Mobile Trends 2007: Mobile eMail and Data Back-up and Restore Set to Reach the Masses

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Synchronica CEO Carsten Brinkschulte offers his opinions on what will be hot in 2007.

Synchronica CEO Carsten Brinkschulte offers his opinions on what will be hot in 2007.

2007 will be the year when both mobile email and back-up and restore for mobile devices come of age for the mass market. We will see mobile email taking off in the consumer space, due to the advent of industry standards, lower cost devices and falling service plan costs. And we will also see consumers paying service providers an additional monthly fee to insure their mobile phone's address book against loss or theft.

Mobile eMail for the Masses

Until now, mobile email has been mainly limited to the approximately six million BlackBerry subscribers worldwide who can afford to buy an expensive device and are willing to accept a costly data plan. But there have been strong signs over the course of the last year that the age of mobile email for the masses is almost upon us. The combination of industry standard adoption, lower cost devices and affordable service plans is set to make mobile email for the mass market a reality in 2007.

One or both of the two complementary mobile data synchronization industry standards -- Push IMAP and SyncML -- have been adopted by all the major device manufacturers and middleware vendors in 2006, which sets the scene for standards-based push email between heterogeneous mobile devices. There have also been some innovative, low cost devices launched in the last six months, such as IXI Mobile's OGO, which has been designed from the ground up for mobile messaging.

With such a wealth of mass market devices that support mobile email now available, the time is right for mobile email pricing plans to fall, to attract more customers. And as customer numbers increase, we will see mobile email start to replace text messages, becoming the next generation SMS. Interestingly, SMS messages are relatively expensive when compared on a 'per character' basis to alternative forms of messaging such as mobile email, so data tariffs per character for mobile email should not prove prohibitive to even the most cost-conscious of mobile phones users.

Back-up and Restore for the Masses

We also expect to see a surge in demand from consumers for a back-up and restore facility for their mobile devices in 2007. Already back in 2004 the research group Zelos found that 15 % of mobile subscribers expressed a strong need for a mechanism to back up contact data. This is because consumers -- and particularly the MySpace generation -- depend increasingly on their mobile devices as the primary repository for vital information such as phones numbers and addresses.

In this scenario, if a person's phone is lost or stolen, all his or her friends' and family's contact details disappear with it. "For this fast-growing section of society, it is the information on the phone, rather than the phone itself, which is of value to them."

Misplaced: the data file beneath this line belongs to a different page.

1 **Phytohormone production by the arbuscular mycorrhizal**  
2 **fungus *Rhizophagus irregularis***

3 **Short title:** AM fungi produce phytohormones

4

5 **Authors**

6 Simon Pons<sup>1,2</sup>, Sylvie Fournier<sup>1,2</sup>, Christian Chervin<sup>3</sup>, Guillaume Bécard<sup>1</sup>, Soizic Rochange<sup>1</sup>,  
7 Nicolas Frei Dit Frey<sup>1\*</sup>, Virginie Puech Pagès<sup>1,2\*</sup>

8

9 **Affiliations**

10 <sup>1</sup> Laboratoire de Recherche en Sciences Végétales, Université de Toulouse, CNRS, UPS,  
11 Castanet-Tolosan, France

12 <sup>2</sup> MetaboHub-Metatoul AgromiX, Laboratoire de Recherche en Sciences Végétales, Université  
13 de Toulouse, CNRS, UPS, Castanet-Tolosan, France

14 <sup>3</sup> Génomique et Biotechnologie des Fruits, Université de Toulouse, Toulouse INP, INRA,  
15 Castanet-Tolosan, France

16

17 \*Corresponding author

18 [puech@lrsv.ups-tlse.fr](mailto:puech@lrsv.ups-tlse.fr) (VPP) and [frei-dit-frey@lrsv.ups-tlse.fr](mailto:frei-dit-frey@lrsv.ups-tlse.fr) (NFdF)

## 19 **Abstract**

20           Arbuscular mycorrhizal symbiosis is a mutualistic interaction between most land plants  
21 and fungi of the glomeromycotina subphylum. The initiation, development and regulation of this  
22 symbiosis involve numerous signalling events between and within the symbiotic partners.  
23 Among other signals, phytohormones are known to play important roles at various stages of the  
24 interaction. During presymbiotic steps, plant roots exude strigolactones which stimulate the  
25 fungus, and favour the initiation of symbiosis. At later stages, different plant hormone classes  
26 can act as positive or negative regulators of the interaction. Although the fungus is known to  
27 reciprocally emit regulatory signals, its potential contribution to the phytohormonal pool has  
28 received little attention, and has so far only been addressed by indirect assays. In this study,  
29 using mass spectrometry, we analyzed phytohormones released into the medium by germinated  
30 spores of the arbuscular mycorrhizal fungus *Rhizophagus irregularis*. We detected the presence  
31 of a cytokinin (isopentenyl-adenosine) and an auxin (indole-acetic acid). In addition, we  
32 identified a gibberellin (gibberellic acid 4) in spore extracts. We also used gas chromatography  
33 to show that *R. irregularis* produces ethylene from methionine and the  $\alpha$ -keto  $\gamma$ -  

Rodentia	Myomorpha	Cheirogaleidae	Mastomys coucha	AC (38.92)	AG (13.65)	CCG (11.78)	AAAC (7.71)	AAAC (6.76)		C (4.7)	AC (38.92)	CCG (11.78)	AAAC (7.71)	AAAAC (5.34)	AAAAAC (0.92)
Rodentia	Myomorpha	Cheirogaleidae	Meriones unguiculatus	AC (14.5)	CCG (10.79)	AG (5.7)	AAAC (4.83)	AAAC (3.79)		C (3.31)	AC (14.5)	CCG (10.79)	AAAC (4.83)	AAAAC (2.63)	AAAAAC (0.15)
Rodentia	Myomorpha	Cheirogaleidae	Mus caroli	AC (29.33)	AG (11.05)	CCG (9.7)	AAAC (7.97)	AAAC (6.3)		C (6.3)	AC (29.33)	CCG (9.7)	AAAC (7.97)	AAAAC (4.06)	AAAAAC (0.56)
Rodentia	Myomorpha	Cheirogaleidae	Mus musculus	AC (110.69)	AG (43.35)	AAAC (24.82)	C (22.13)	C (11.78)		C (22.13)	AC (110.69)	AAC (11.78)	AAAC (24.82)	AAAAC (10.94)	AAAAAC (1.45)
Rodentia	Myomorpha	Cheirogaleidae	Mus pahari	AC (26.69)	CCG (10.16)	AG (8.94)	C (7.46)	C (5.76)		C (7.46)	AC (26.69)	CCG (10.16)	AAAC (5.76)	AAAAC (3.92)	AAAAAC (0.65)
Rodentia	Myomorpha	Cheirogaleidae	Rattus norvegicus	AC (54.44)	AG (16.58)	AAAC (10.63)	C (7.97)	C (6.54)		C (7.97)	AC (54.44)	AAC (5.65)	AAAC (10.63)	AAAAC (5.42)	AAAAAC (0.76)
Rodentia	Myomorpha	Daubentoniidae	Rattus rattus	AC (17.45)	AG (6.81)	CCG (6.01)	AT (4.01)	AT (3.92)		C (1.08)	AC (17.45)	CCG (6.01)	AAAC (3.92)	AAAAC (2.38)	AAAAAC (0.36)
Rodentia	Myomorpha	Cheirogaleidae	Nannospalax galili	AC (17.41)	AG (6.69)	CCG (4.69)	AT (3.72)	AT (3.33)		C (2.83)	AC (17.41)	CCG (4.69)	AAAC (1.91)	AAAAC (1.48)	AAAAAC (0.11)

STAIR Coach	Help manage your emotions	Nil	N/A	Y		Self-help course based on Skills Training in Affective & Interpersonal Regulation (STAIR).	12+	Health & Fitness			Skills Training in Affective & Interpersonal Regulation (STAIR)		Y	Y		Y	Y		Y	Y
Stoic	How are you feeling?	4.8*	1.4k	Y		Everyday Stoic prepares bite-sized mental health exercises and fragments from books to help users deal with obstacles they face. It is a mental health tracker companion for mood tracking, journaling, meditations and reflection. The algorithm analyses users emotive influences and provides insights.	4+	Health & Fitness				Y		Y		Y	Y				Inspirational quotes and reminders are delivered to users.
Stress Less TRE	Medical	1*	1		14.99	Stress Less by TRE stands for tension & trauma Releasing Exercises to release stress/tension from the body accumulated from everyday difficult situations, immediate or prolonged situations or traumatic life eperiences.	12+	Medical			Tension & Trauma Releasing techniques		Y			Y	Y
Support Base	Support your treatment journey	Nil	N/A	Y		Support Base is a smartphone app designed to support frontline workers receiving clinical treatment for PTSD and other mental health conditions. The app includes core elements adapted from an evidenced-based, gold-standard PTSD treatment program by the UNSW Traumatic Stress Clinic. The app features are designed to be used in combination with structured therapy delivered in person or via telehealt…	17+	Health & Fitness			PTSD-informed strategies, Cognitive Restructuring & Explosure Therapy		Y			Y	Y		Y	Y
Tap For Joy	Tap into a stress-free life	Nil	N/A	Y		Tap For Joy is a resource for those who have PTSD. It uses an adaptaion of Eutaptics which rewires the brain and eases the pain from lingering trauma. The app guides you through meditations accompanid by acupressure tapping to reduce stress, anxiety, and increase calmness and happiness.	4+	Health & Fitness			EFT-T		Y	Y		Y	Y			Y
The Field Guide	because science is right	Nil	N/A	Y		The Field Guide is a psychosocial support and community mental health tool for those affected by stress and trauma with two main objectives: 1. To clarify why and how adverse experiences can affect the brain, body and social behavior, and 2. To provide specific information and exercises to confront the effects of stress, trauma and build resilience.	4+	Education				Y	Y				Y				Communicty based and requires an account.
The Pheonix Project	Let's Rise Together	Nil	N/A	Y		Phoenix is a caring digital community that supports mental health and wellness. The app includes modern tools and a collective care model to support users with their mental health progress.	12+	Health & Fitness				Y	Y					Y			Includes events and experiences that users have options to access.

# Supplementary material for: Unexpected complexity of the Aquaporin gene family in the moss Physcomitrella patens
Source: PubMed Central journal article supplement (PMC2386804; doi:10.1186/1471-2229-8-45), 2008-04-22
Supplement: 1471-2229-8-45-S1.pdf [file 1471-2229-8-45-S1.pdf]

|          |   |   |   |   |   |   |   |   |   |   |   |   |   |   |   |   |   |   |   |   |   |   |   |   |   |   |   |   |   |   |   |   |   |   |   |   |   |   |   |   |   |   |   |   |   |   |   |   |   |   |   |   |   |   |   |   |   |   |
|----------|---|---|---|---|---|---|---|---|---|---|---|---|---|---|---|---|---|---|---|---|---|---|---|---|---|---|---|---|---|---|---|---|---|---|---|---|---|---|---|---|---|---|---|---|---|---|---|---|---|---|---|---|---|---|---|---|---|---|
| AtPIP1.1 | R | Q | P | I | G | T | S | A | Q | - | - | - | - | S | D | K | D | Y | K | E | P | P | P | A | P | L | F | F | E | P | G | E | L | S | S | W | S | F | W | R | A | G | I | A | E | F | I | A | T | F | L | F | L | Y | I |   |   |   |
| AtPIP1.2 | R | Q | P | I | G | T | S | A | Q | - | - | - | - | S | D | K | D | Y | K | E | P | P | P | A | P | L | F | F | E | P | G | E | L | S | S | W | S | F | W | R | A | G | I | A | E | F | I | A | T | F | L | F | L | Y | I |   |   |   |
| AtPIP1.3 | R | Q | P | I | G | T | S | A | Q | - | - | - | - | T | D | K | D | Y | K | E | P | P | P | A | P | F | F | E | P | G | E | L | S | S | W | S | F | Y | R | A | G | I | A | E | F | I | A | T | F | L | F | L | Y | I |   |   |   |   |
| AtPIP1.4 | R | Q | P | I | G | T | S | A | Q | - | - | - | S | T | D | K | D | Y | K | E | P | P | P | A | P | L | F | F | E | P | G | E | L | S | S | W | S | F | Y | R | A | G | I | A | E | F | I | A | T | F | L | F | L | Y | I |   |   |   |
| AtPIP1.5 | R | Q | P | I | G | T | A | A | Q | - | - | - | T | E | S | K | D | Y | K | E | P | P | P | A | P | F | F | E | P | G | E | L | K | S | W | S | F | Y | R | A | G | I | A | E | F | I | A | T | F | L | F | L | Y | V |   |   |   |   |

We will therefore see an increase in demand for a low-cost facility from service providers -- a kind of insurance policy for your contact information -- which will allow consumers to back-up and restore their contacts information over the air. As well as providing a safety net for consumers who lose their phones, a back-up and restore service also makes upgrading to a new phone easier. Customers simply use the back-up and restore facility to transfer their contact information and saved SMS messages over the air to their new phone.

Conclusion

In summary, 2007 will see the mass market benefiting from recent advances in data synchronization and messaging. Mobile email will start to replace some of the billions of SMS messages that get sent every month by consumers and more service providers will begin to offer their subscribers a robust over-the-air back-up and restore facility for their contacts information.

More about Carsten Brinkschulte, CEO Synchronica plc: http://syncml.notlong.com

About Synchronica

Synchronica develops and markets synchronization and device management solutions for service providers, operators, device manufacturers, and enterprises. Its product portfolio ranges from data synchronization (OMA DS) to device management (OMA DM) and firmware update over the air (FUMO / FOTA). Synchronica has a strong track record in the mobile industry including several live carrier-grade installations. Products include the SyncML DM Server which enables operators and device manufacturers to build automated customer-care systems and the award-winning SyncML Gateway which enables seamless synchronization of corporate data including Push eMail using OMA DS and Push IMAP. Its latest offering, Mobile Manager, enables mobile operators and application service providers (ASPs) to offer mobile device management as a hosted solution to enterprise customers. Headquartered in the UK with offices in Germany (Berlin), USA (Reston and Seattle) and Asia (Hong Kong). Synchronica plc is a public company listed on the London Stock Exchange (AIM:SYNC). More information is available at http://www.synchronica.com

For more information, please contact:

Nicole Meissner, CMO

Synchronica plc

Tel.: +44 1892 552 780

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NICOLE MEISSNER
Synchronica
+44 1892 552 780
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